in 1850, settling in Clackamas County. On
February 25, 1856, ho enlisted at Oregon
City, in Company E, of the battalion of
recruits to First regiment of Oregon Mount
ed Volunteers, commanded by Colonel
Thnmns Cornelius, to serve in the Yak
ima Indian War, and was on duty along 4
the Columbia River for 99 days. Since
1873 he had lived near Goldendale, where
he was highly respected.
Forty years in the market, still booming
with greater eles than ever. Cook's Im
perial Extra Dry Champagne.
food makes Brains ,,
Sold by alf Grocers.
Over One Hundred Illustrations
Cover In Three Colors
All Printed on Enameled Book Paper
Of the edition of fifty thousand copies, over thirty
three thousand books have already been sold on ad
The book will be ready for delivery some time
during the present month. Orders for copies to be
mailed abroad should be sent to The Oregonian at once.
Price by mail to any 'address in the United
States or Canada only Seven Cents a copy.
Within the limitations which a publication of its
size so necessarily impose, everything that anybody
could reasonably ask about Portland and the wonder
ful section of country tributary will be told in the
Handbook. Following are the
TITLES OF THE
"Where Rolls the Oregon," by H. W.
The Work of a Century, by ex-United
States Senator H. W. Corbett.
Portland as a City, by Mayor H. S.
The Exposition to Be, by J. M. Long.
Climatic Conditions and Physical
Portland Water Supply.
Lumber in Oregon and Washington.
Lands Open to Settlement in Oregon.
The engravings for the Handbook are now in the
hands of the printers. These engravings are all ele
gant miniature vignetted half tones, finished in such
an artistic manner that they present the rich appear
ance of the most carefully executed steel engravings.
PARTIAL LIST OF ILLUSTRATIONS
Moving Wheat Ships in Portland's
Shipping Scene, Portland'3 Lower
Type of Summer Excursion Steamer on
Lower Columbia and Willamette
Wheat Ships in Portland's Harbor,
ai-fv. otraat shnwlntr Hotel Portland.
Marquam ' block and Oregonian
Rocky Gor ges of the Columbia River.
Ships at Portland's Wharves.
Portland, looking east from tower of
View, showing- Impenetrable growth
on Forest ranges of Oregon.
Wheat Ships Awaiting Cargoes, Port
land. View, showing: trees 300 feet high.
A Logging Skid Road in Oregon.
Types of Timber Growths in Oregon
An Oriental Liner in Portland's Har-
Ships Awaiting Cargoes of Flour lor
the Oriont, Portland.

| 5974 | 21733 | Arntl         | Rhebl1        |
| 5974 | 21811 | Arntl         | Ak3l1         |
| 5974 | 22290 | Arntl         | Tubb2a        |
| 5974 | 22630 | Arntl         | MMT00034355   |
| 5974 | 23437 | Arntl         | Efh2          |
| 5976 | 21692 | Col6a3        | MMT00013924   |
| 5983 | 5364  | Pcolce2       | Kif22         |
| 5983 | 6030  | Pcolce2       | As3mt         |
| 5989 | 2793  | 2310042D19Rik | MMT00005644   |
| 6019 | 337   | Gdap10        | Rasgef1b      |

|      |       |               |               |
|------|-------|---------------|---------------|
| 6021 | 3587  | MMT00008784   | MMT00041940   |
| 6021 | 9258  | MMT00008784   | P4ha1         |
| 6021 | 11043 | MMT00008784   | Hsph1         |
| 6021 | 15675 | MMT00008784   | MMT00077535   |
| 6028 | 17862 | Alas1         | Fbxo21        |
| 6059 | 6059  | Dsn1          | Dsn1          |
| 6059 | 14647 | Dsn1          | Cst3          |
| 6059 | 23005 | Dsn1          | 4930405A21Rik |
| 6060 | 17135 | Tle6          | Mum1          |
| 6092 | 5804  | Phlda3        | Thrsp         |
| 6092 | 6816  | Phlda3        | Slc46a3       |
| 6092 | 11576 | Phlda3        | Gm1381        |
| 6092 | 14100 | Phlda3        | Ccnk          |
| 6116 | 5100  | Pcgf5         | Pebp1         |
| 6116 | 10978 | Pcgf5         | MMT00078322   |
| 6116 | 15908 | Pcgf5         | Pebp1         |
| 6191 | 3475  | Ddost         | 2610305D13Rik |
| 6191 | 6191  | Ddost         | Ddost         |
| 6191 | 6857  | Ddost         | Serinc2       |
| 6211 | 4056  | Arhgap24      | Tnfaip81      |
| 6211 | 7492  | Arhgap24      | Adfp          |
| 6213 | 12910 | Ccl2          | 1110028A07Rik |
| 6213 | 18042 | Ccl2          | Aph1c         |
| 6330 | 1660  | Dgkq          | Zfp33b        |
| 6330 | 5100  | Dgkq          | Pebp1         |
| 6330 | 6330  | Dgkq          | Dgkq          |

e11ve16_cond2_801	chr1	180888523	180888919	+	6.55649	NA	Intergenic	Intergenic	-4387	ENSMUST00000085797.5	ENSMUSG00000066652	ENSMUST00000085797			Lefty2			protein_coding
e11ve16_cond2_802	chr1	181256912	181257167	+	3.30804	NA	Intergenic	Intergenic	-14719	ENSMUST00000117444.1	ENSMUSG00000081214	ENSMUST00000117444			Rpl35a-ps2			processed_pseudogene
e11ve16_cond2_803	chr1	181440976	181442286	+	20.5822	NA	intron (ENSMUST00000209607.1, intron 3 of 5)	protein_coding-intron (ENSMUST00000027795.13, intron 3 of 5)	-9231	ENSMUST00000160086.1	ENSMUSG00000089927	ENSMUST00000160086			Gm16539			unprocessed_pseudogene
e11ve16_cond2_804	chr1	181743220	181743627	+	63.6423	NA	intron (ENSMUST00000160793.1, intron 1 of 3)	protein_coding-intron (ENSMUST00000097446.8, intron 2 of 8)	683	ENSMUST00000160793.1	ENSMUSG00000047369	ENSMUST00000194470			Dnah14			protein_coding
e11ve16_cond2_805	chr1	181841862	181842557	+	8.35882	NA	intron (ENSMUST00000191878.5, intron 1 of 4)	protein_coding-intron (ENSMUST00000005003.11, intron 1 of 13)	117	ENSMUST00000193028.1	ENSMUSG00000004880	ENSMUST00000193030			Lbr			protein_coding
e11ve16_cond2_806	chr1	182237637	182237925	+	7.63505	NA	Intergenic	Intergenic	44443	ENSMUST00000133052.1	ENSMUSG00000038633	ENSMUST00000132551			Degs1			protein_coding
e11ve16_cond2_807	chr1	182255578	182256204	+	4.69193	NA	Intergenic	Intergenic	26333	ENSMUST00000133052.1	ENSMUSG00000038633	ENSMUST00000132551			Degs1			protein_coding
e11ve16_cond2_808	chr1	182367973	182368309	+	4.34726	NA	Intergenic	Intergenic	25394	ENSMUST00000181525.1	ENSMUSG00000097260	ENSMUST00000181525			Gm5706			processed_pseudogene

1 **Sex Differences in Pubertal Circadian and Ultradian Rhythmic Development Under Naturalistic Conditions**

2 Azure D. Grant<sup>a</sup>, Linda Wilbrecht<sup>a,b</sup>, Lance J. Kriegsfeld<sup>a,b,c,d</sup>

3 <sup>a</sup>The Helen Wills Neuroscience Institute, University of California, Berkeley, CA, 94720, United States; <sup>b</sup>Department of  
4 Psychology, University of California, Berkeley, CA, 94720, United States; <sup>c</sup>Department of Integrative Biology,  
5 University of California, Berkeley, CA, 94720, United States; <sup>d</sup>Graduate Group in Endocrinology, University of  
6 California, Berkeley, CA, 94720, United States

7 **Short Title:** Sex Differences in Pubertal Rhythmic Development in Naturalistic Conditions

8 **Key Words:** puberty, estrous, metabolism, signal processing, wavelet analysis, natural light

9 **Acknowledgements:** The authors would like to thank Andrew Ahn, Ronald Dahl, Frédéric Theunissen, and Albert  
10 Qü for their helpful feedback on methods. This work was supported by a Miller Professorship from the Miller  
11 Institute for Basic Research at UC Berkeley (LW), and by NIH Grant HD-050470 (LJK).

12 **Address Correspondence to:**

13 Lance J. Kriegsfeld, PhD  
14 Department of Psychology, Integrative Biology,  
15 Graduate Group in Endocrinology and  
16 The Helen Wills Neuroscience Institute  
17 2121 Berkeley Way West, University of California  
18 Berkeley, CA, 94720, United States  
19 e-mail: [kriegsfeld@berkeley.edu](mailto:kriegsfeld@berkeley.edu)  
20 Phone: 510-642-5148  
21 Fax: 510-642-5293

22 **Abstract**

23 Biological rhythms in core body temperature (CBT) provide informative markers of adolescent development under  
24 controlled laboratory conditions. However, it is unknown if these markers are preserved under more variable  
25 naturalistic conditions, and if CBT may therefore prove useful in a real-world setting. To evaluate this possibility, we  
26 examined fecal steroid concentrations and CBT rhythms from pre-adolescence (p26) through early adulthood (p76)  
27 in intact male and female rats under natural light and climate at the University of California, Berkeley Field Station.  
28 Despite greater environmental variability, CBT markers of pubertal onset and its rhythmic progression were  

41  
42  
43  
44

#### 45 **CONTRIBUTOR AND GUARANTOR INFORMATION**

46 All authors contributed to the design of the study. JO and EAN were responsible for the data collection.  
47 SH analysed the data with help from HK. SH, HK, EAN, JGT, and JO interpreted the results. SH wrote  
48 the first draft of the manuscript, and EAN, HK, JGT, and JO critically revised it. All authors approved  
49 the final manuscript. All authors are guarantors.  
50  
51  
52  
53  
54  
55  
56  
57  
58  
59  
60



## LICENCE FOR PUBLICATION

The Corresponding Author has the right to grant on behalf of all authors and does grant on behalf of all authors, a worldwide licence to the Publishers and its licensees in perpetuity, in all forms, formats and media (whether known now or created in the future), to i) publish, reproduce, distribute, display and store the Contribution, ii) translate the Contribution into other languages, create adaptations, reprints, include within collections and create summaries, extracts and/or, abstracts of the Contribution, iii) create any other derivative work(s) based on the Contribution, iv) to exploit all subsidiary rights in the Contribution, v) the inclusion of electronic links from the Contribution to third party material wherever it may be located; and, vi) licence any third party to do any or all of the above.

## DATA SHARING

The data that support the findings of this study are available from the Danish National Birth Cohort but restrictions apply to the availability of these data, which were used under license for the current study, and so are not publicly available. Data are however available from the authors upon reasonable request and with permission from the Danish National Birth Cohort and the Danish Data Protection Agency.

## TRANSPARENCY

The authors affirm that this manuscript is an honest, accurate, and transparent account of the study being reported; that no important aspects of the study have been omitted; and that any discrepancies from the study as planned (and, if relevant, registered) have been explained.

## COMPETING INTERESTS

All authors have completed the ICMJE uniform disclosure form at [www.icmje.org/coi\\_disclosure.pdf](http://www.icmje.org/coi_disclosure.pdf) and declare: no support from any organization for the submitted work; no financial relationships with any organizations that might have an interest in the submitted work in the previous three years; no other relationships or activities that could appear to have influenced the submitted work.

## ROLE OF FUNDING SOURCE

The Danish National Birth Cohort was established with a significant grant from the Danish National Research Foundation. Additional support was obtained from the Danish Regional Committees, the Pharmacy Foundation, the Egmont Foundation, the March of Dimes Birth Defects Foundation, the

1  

"Where Rolls the Oregon." Scene
typical of the Columbia River.
Columbia River near Bridal Veil.
Ferrying Sheep Across Columbia above
Portland's Water Front between the
Stick of Fir Timber, 112 feet long.
A Cattle Roundup, in the "Inland
An Eastern Oregon Ranch.
An Eastern Washington Farm
Albany Steel Bridge.
Portland High School.
City Hall, Portland.
nicintor' "MYiiinf Tinlnlor
Oregon's Ocean Beaches.
A Sternwheel Steamer, Portland.
A Southern Oregon Orchard.
Sturgeon Fishing, Columbia River.
Booming Logs. Chehalls. Washington.
Picking Apples, Oregon.
A Young Oregon Orchard.
Logging by Rail, Oregon.
Upper Willamette River.
Overhanging CllnT. line O. R. & N.,
Views Along O. R. & N.
Views Along S. P. R. R.
Great Glacier, Mount Hood.
Locks and Canal. Oregon City.
Placer Mine in Southern Oregon.
Wheat at Moro, Oregon.
Harvesting on a Big Scale, Eastern
Looking Up the Columbia from Hood
Tillamook Light, off Oregon Coast,
rhe Lower River, Portland.
A Melon Patch, Rogue River Valley,
Railroad Steel Bridge, Portland.
Sugar Beet Culture.
The Fishing Industry.
Gold and Other Minerals.
The Columbia River. (This subject Is
treated In a manner to command
great attention. A most valuable
map accompanies article.)
Wheat and Other Cereali.
Livestock and Wool.
Heavy Flour Trade.
Opinions of Prominent Visitors.
Irrigation of Arid Lands la Far In
terior. Ice Fields of Mount Hood.
Picturesque Southern Oregon.
A Log Boom in a Portland Mill.
Eastern Lumber Company, Portland.
Cranberry Picking In Oregon.
An Oregon Hopyard. -o
Portland Laden Ship.
Cascade Locks, Columbia River.
Railroad Terminal Grounds and Union
Views, showing types of Business
Laddrs Fine Dairy Farm, Willamette
Mount St. Helena.
Original Site, Lewis & Clark Fort.
Mount Hood from Portland.
Tree 50 years old Growing on Sound
Mount Rainier from Heights Columbia
Fast Passenger Steamers, Portlands
Wind Mountain. Columbia River.
Top Mount St- Helens, showing mouth
Logging In Cowllts County. Washing
ton. Logging Train. Eastern Oregon
Dogging on Lower Columbia- .
British Steamship, Orange Branch.
O. R. & N. Co.'s Passenger Steam
A Willamette Valley Woolen Mill.
Mount Adams from Trout Lake.
State Capitol. Salem.
A Creamery, ' Coqullle River, Oregon.
Morrl3on-Street "Bridge,. Portland.
Columbia University. Portland.
St. Vincent's Hospital, Portland.
Mount Hood from Mount Tabor, Port
land. St. Helens Hall, Protland.
Bishop Scott Academy, Portland.
Medical Department. University of
Mount Hood from. Columbia River.
Portland Cordage Company.
Big Logs In Portland Sawmill.
First Congregational Church, Port
land. A Mountain Stream, Western Oregon.
Salmon Fishing Fleet, Mouth Colum
Passing Through the Willamette Val
ley. Draw, Steel Bridge, Portland.
Looking South from Summit Mount
State University, at Eugene. Oregon.
North Head, Mouth Columbia River.
St. Mary's Academy, Portland.
D. P. Thompson Fountain, Portland.
Celllo Falls, Columbia River.
Map of Entire .Columbia River Watershed.